45. The method of claim 44 wherein said second desired depth is different than said first desired depth.
46. The method of claim 44 wherein said ions at said first desired depth have a different mass and/or charge state than said ions at said second desired depth.
47. The method of claim 44 wherein said step of removing also removing said second thickness of material from said substrate.
48. The method of claim 39 wherein said ions are derived from helium gas or its isotopes.
49. The method of claim 39 wherein siad ions are derived from hydrogen gas or its isotopes.
50. The method of claim 39 wherein said step of implanting ions is a multiple implant step.
51. The method of claim 39 wherein said step of implanting ions is a multiple implant step using different ions.
52. The method of claim 39 wherein said step of implanting ions is a multiple implant step using different implant doses.
53. The method of claim 39 wherein said step of implanting ions is a multiple implant step using different energies.
54. The method of claim 39 wherein said step of implanting ions is a multiple implant step using different temperatures.
55. The method of claim 39 wherein a selected mixture of particles is used to create two fracture zones.
56. The method of claim 1 wherein the substrate comprises silicon.
57. The method of claim 12 wherein the substrate comprises silicon.
58. The method of claim 28 wherein the substrate comprises silicon.
59. The method of claim 39 wherein the substrate comprises silicon.
Description
CROSS-REFERENCE TO RELATED APPLICATIONS

This continuation application claims priority U.S. application Ser. No. 08/915,132, filed on Aug. 20, 1997, now U.S. Pat. No. 6,027,988 and, to U.S. Provisional Patent Application Serial No. 60/047,833, which has been filed on May 28, 1997, and which is hereby incorporated by reference for all purposes.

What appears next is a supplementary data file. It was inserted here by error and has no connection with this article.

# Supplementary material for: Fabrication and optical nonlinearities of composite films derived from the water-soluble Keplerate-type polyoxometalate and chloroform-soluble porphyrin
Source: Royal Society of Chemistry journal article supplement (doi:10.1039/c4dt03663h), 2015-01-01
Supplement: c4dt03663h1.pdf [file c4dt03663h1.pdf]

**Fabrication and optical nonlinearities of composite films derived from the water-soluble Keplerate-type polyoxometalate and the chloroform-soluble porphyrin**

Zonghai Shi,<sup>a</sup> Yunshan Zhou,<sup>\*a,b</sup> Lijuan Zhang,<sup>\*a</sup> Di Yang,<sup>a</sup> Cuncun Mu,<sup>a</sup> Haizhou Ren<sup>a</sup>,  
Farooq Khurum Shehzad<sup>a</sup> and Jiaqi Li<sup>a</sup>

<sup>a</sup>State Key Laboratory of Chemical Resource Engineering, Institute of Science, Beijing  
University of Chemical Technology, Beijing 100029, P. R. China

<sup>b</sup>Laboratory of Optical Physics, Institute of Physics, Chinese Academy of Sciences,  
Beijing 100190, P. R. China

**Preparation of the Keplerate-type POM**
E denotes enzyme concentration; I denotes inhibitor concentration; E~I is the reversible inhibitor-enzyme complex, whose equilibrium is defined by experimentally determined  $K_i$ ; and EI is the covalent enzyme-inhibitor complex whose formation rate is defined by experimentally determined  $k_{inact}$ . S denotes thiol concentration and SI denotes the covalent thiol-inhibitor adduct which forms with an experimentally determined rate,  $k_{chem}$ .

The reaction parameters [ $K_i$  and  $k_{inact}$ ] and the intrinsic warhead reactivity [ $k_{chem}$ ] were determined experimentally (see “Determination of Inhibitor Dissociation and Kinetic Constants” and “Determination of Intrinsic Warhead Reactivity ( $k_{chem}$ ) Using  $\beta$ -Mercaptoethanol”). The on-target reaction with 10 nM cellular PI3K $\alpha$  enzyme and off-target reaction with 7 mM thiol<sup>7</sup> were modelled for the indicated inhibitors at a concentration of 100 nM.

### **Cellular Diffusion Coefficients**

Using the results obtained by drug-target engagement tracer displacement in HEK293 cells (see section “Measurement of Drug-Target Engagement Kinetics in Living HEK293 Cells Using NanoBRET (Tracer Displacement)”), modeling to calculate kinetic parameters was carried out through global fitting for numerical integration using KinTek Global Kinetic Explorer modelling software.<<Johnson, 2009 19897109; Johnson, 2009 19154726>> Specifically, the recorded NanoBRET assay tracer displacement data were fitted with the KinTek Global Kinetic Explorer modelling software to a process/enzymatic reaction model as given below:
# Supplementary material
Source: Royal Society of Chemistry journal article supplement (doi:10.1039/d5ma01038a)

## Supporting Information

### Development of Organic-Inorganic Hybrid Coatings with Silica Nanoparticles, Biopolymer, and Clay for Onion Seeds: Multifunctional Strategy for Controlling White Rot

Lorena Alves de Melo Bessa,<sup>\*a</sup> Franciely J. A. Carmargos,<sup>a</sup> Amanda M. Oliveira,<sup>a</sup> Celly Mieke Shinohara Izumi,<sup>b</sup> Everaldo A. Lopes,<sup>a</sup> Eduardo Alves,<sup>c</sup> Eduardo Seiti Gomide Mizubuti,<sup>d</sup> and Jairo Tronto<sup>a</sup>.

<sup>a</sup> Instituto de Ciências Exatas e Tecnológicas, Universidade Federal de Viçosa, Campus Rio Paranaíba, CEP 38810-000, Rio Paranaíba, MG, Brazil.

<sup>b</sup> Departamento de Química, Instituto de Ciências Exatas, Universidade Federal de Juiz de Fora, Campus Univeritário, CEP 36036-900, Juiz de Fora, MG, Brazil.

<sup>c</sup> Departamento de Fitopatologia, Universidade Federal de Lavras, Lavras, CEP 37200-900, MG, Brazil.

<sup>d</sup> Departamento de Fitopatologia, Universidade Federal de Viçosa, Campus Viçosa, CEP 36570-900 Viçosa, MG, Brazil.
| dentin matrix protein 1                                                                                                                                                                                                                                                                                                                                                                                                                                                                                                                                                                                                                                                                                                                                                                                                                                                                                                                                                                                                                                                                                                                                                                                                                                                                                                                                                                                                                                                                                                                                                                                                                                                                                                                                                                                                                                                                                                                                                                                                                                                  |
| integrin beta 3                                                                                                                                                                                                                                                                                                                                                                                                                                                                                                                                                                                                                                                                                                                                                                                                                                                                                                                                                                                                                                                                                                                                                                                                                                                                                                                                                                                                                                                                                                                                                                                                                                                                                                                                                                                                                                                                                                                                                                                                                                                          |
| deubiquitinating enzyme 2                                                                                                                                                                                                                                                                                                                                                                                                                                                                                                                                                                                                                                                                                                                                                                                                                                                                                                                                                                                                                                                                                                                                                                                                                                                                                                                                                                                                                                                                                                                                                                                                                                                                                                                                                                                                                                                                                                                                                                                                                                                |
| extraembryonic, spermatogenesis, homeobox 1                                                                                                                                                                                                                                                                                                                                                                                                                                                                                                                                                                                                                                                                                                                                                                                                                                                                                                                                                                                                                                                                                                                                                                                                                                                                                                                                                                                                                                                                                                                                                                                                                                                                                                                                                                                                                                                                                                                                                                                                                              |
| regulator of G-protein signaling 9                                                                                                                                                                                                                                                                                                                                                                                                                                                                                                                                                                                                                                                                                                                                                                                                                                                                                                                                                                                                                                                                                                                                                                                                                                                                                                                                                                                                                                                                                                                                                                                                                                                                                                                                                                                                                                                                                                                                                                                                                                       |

GOVERNMENT RIGHTS NOTICE

This invention was made with government support under Grant No. F49620-97-1-0220-03/98 awarded by the Air Force (AFSOR) Joint Services Electronics Program (JSEP), and Grant No. ECS-9509800 awarded by the National Science Foundation. The Government has certain rights to this invention.

BACKGROUND OF THE INVENTION

The present invention relates to the manufacture of substrates. More particularly, the invention provides a technique including a method and device for introducing ions into a substrate for fabricating silicon-on-insulator wafers using a separating process in a cost effective and efficient manner.

Techniques have been proposed or used for the manufacture of silicon-on-insulator (“SOI”) wafers. One of these techniques is called “separation by implantation of oxygen,” commonly termed SIMOX. A detailed description of this process is described in Stanley Wolf Ph.D., SILICON PROCESSING FOR THE VLSI ERA (Volume 2), pages 66-79, which are hereby incorporated by reference. This technique generally uses conventional beam-line ion implanters for introducing the oxygen into the silicon wafer.

A limitation with the conventional SIMOX process is generally the cost of the resulting wafer. This cost often stems from the long time needed to implant a sufficient dose of oxygen into the silicon wafer. Since ion implanters is often difficult to allocate the implanter for use in the conventional SIMOX process, which is often used for a variety of other integrated circuit processing operations. Additionally, many fabrication facilities (e.g., integrated circuit and wafer) simply cannot afford purchasing additional ion implantation equipment due to its excessive cost. Accordingly, silicon-on-insulator wafers made using the conventional SIMOX process are often costly and generally take a long time to fabricate.

Another technique for fabricating silicon-on-insulator wafer is commonly termed Smart Cut™. This technique uses conventional beam-line ion implantation equipment to introduce hydrogen to a selected depth into a substrate. The substrate is bonded to an insulating layer overlying a bulk substrate to form a multi-layered substrate structure. The multi-layered substrate is introduced into a furnace to increase the global temperature of the entire substrate, which blisters off a portion of substrate material from the substrate at the selected depth, thereby leaving a thin film of substrate material on the insulating material to form the silicon-on-insulator wafer. U.S. Pat. No. 5,374,564, which is in the name of Michel Bruel (“Bruel”), and assigned to Commissariat a l'Energie Atomique in France, describes this technique.